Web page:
* Books I’m buying because they sound like great reads, and to support the longlisted authors, not necessarily books I think will win the prize.


I won’t get serious about predictions until the Shortlist’s announced. I’m not familiar enough with lots of these writers. I’ll read more about them and their books, scan some reviews, and keep an ear to the ground.

As with the Man Bookers, I won’t let the fact I haven’t read all the books stop me from opining.


First up will be Elmet. I’ve heard nothing but wonderful things. Once I’ve cleared off Ruby, my second read of The Ballad of Peckham Rye and A Clockwork Orange, it’s right on to Fiona Mozley.

So much to do. Back asap.

Baileys Prize: the update

Though I haven’t properly finished another Longlisted book, I have been working on a couple of them.



On my Kindle, I’m reading The Bees by Laline Paull. What’s charming about this book is its use of bees as characters: anthropomorphism, if you want to be picky about it. Paull gives us so much information about what goes on in bee colonies via a fictional story based on a deformed bee, a “Flora,” who wasn’t quite a sanitation bee but not one of the more elegant, lady-like bees, either. Not knowing exactly where to put her, the colony bounces her around a bit. The novel also addresses current theories as to why bees are diminishing so quickly, a theme addressed in rumors between the bees themselves, who speak of what’s been happening in hushed whispers. Something is causing birth defects but what?

I can’t see the book winning the prize but, as I’m finding from other reads on the list, I would recommend it to voracious readers such as myself, who’ll read anything that’s beautifully done. At first, I was a bit put off by the idea of bees as storytellers but, you know, they’re absolutely fascinating. I love watching bees in my garden and I don’t jump and scream when they come near me. I’m not an ass to them, so they’re not asses to me, either. We have a deal. I have no such deal with spiders, however. I see them, they die. No novel could change my mind on that.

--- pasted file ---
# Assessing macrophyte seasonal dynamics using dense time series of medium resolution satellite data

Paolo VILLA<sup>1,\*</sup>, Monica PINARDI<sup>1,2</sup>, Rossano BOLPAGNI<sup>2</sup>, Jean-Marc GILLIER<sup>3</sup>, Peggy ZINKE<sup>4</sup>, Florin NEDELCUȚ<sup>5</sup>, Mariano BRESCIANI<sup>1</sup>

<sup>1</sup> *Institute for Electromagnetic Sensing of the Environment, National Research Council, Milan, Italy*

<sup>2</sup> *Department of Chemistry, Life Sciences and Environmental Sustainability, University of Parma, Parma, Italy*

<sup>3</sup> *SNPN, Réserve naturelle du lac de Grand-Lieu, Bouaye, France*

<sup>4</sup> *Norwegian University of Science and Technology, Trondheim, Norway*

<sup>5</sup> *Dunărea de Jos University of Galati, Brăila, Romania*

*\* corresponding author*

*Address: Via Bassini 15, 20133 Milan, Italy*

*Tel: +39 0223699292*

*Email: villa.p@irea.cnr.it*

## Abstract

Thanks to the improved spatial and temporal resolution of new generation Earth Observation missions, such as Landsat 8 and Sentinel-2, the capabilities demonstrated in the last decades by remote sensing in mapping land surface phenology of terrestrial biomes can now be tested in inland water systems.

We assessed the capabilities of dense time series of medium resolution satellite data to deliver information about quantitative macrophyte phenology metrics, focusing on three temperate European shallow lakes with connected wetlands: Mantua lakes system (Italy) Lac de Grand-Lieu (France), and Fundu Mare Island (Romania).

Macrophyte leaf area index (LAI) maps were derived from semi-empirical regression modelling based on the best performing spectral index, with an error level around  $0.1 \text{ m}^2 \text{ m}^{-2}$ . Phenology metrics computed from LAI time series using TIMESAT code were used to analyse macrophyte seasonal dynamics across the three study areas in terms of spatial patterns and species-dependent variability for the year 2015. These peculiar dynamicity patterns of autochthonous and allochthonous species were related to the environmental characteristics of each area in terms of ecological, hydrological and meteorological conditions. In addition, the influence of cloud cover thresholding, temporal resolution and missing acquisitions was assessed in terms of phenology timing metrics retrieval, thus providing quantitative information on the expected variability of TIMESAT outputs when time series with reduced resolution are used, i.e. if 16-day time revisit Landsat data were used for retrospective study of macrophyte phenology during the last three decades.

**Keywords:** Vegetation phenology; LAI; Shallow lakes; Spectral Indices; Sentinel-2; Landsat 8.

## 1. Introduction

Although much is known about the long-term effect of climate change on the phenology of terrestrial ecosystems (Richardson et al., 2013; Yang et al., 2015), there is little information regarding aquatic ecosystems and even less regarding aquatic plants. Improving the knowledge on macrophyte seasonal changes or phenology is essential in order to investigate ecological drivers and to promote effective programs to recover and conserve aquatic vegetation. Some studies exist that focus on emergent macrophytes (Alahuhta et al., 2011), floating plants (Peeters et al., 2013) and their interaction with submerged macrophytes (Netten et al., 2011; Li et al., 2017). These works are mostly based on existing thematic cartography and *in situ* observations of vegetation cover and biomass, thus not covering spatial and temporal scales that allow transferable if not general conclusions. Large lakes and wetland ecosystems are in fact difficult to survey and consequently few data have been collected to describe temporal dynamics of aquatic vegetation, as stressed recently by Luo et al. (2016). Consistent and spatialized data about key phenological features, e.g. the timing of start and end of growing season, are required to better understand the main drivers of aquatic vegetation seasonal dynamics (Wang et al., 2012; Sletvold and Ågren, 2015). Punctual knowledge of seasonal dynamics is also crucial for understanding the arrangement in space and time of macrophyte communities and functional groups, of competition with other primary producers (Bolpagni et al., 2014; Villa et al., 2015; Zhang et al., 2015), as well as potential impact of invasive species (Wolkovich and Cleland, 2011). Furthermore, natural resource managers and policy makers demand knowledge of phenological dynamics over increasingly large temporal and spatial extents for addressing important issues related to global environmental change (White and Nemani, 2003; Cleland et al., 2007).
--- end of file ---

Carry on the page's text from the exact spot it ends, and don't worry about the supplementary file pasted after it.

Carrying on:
Not even Charlotte’s Web




From my library stash, I’ve begun A God in Every Stone by Kamila Shamsie.  This is the first of the Longlisters I’m finding dull. Honestly, I see nothing special in it whatsoever. Here’s Amazon’s declaration:


A God in Every Stone is a kaleidoscopic masterpiece of empire and rebellion by a storyteller of dizzying ambition and talent.


No. No, it isn’t. And I hope I’ve never written a sentence like that in my own reviewing. I won’t be finishing this novel. No time to spare for soporific reads.

So, here’s the list, updated. The books I’ve read, attempted or have refused to read (I’m so sorry, Anne Tyler)/can’t lay hands on are highlighted:


Outline by Rachel Cusk (Faber)

Crooked Heart by Lissa Evans (Doubleday) – US release July 28, 2015

Aren’t We Sisters? by Patricia Ferguson (Penguin)

I Am China by Xiaolu Guo (Chatto & Windus)

Dear Thief by Samantha Harvey (Jonathan Cape)

Elizabeth is Missing by Emma Healey (Viking)

Station Eleven by Emily St. John Mandel (Picador)

The Country of Ice Cream Star by Sandra Newman (Chatto & Windus)

The Girl Who Was Saturday Night by Heather O’Neill (Quercus)

The Bees by Laline Paull (Fourth Estate)

The Table of Less Valued Knights by Marie Phillips (Jonathan Cape)

The Walk Home by Rachel Sieffert (Virago) – ????

A God in Every Stone by Kamila Shamsie (Bloomsbury)

How to Be Both by Ali Smith (Hamish Hamilton)

The Shore by Sara Taylor (William Heinemann) – US release May 26, 2015

A Spool of Blue Thread by Anne Tyler (Chatto & Windus)

The Offering by Grace McCleen (Sceptre) – ????

The Paying Guests by Sarah Waters (Virago)

After Before by Jemma Wayne (Legend Press)

The Life of a Banana by PP Wong (Legend Press) – US release May 1, 2015



I am so kicking ass.